MOSCOW — The second crash of a Russian warplane off the coast of Syria in less than a month intensified scrutiny Monday of a critical weakness in Moscow’s show of naval force in the Mediterranean and the 1,000-foot hulk leading it.
The Admiral Kuznetsov, Russia’s sole, aging aircraft carrier, made a very public entry into the Syrian conflict when it steamed through the English Channel in October. But analysts say it is not suited to the task of providing ground support in a protracted conflict.
Nor is it suited for the job President Vladimir Putin intended when he ordered the ship into the Mediterranean: to project Russian naval power.
“The Admiral Kuznetsov was not designed for such tasks,” Alexander Golts, a military writer for the independent Moscow-based news journal New Times , said in an interview. “It’s a very old ship with very old technologies. It is not prepared for intensive flights.”
Golts spoke after Russia’s Defense Ministry announced Monday that an Su-33 Flanker returning from a combat mission plunged into the Mediterranean as it tried to land on the Kuznetsov. The accident occurred when an arresting cable on the aircraft carrier snapped during the landing, the ministry said in a statement. The pilot ejected and was saved by a search-and-rescue team, the statement added. He was not injured.
Last month, a Russian MiG-29K fighter jet crashed while attempting an emergency landing on the aircraft carrier shortly after takeoff.
The Syrian conflict is the first combat deployment for the Admiral Kuznetsov, which has a history of onboard accidents during training missions since being launched in 1985.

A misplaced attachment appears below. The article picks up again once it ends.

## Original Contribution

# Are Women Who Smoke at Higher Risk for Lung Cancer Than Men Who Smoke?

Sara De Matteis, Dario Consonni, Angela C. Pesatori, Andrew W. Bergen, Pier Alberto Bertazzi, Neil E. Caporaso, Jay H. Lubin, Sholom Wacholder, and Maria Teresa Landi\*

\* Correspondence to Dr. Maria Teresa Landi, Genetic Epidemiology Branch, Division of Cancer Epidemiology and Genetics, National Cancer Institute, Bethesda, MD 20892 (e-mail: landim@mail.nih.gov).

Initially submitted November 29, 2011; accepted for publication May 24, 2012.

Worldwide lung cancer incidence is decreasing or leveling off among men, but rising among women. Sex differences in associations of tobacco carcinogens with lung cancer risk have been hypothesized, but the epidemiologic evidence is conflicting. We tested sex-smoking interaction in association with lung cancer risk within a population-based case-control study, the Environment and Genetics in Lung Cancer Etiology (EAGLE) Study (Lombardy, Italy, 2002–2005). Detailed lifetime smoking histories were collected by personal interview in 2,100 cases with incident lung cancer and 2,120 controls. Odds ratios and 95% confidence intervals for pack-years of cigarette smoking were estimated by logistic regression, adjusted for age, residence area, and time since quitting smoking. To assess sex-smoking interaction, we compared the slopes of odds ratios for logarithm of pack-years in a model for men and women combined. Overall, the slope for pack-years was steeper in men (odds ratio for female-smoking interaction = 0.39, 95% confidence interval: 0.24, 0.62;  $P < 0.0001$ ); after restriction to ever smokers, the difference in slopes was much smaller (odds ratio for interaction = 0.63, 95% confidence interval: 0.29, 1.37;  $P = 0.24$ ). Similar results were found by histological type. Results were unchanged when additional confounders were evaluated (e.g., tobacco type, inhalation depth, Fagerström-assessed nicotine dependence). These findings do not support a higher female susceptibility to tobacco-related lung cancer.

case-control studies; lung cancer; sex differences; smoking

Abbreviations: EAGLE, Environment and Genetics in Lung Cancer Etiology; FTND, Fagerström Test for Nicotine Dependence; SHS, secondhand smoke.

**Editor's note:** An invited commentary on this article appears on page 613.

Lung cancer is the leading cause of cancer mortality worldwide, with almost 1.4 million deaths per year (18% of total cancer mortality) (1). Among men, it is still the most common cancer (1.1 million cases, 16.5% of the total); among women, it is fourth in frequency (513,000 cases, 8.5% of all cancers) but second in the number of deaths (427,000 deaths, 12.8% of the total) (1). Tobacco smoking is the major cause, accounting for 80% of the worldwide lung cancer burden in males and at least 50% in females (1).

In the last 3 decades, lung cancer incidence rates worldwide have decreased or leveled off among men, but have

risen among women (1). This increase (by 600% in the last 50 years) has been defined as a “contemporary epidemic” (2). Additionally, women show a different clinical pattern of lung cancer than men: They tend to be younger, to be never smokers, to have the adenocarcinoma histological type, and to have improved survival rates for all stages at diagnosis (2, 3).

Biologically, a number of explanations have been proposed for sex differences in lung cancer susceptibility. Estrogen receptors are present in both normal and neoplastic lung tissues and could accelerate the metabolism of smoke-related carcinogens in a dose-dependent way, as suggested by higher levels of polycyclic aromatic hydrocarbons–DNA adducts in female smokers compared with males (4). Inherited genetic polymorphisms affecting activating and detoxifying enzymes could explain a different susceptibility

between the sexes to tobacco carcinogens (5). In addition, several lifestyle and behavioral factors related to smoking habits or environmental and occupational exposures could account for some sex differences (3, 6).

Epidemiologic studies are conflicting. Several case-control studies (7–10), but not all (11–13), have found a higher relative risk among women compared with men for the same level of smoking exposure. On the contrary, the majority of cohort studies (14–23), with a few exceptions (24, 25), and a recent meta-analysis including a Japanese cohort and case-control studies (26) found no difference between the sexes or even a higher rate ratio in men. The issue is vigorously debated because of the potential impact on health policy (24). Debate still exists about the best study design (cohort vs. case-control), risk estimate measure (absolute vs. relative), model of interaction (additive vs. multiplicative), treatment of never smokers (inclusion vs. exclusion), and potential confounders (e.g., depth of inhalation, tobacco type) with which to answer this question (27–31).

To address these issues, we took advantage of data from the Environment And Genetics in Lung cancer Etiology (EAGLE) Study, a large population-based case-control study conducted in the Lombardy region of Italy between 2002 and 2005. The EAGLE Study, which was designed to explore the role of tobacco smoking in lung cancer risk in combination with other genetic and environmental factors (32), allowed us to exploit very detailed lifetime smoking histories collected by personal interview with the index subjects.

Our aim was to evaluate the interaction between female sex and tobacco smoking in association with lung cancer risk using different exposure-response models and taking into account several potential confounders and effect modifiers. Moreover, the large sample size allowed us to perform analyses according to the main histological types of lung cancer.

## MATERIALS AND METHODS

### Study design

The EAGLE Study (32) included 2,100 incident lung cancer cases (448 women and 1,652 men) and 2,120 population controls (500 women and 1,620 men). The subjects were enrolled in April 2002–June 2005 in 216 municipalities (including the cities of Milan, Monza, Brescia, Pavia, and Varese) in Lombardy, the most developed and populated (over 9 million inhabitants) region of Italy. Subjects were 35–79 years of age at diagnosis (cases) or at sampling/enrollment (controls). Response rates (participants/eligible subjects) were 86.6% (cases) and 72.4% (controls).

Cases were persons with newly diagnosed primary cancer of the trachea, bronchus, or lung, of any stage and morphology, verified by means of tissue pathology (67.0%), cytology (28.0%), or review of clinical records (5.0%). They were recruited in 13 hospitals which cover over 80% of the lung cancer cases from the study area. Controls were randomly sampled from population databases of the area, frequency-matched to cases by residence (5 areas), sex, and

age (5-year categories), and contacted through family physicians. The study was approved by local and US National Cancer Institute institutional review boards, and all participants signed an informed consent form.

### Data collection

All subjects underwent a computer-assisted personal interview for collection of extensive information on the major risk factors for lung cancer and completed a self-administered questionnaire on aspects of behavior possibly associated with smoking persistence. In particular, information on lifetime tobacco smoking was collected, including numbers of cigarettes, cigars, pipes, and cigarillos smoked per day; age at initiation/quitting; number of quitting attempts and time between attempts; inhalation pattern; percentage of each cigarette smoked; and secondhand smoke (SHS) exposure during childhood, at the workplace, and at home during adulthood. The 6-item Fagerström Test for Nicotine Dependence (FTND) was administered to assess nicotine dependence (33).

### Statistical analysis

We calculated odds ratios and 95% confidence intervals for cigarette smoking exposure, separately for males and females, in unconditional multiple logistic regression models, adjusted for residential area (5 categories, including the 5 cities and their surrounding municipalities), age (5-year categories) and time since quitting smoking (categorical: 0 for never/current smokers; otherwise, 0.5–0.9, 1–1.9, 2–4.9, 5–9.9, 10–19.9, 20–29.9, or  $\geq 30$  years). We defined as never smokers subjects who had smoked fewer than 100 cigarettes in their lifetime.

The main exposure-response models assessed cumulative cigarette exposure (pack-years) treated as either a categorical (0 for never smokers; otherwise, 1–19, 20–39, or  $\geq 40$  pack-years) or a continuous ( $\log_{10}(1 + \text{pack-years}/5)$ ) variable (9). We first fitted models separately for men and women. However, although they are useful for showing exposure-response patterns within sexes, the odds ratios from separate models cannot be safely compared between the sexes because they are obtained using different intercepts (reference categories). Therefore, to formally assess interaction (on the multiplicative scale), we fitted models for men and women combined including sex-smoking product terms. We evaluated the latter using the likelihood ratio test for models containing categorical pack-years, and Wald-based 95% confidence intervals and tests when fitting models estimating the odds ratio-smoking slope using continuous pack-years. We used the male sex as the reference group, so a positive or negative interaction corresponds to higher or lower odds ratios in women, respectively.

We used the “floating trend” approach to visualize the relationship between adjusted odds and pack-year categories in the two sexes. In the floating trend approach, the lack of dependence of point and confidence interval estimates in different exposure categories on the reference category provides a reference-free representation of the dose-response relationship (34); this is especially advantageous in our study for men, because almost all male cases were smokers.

Unlike modern aircraft carriers, the Kuznetsov does not have a catapult system, and the jets it carries must launch off a ramp, which makes takeoff and landing extremely challenging.
“We have a very limited number of pilots who can fulfill this task,” Golts said. “I doubt there are many in the world.”
The Kuznetsov’s design also limits the loads of fuel and weapons that its jets can carry, which was not a serious impediment for its intended purpose: to defend Soviet submarines preparing to launch nuclear weapons.
“This carrier was never designed for projecting power on shore,” said Pavel K. Baev, who studies Russian military reform at the Peace Research Institute Oslo. “The fact of the military matter is that this deployment adds nothing, just absolutely nothing to the capabilities” that Russia has on the ground in Syria.
When the Kuznetsov set sail, state media said the expedition demonstrated Russia’s independence as a regional power. But by mid-November, military analysts were questioning the ship’s suitability for the task.
“The intermediate results produced by the Admiral Kuznetsov’s carrier air wing have been not what the top brass expected,” military analyst Sergei Ishchenko wrote in the Svobodnaya Pressa online news agency a week after the carrier launched its first attacks in Syria. For one thing, the “Su-33 is an air-superiority fighter designed to provide air defense to friendly naval forces far away from home shores,” not to attack ground targets.
The MiG-29K is a multi-role fighter capable of attacking targets in the air and on the ground, and it is a newer, carrier-based variant of the traditional MiG-29, but Ishchenko said the jets were grounded, at least for a while, after one of them crashed, leaving the Su-33s to shoulder the burden.
Asked about the latest crash Monday, Kremlin spokesman Dmitry Peskov said only that the important thing is that the pilot was not injured.
“This is a very intense, hard, heroic job,” the news agency Interfax quoted Peskov as saying.
Translation: Don’t look for Moscow to order the Kuznetsov to set sail for home anytime soon.
“One lost plane was not enough for exposing the absurdity of this demonstration of nonexistent force,” Baev said. “And two may be not quite enough, either.”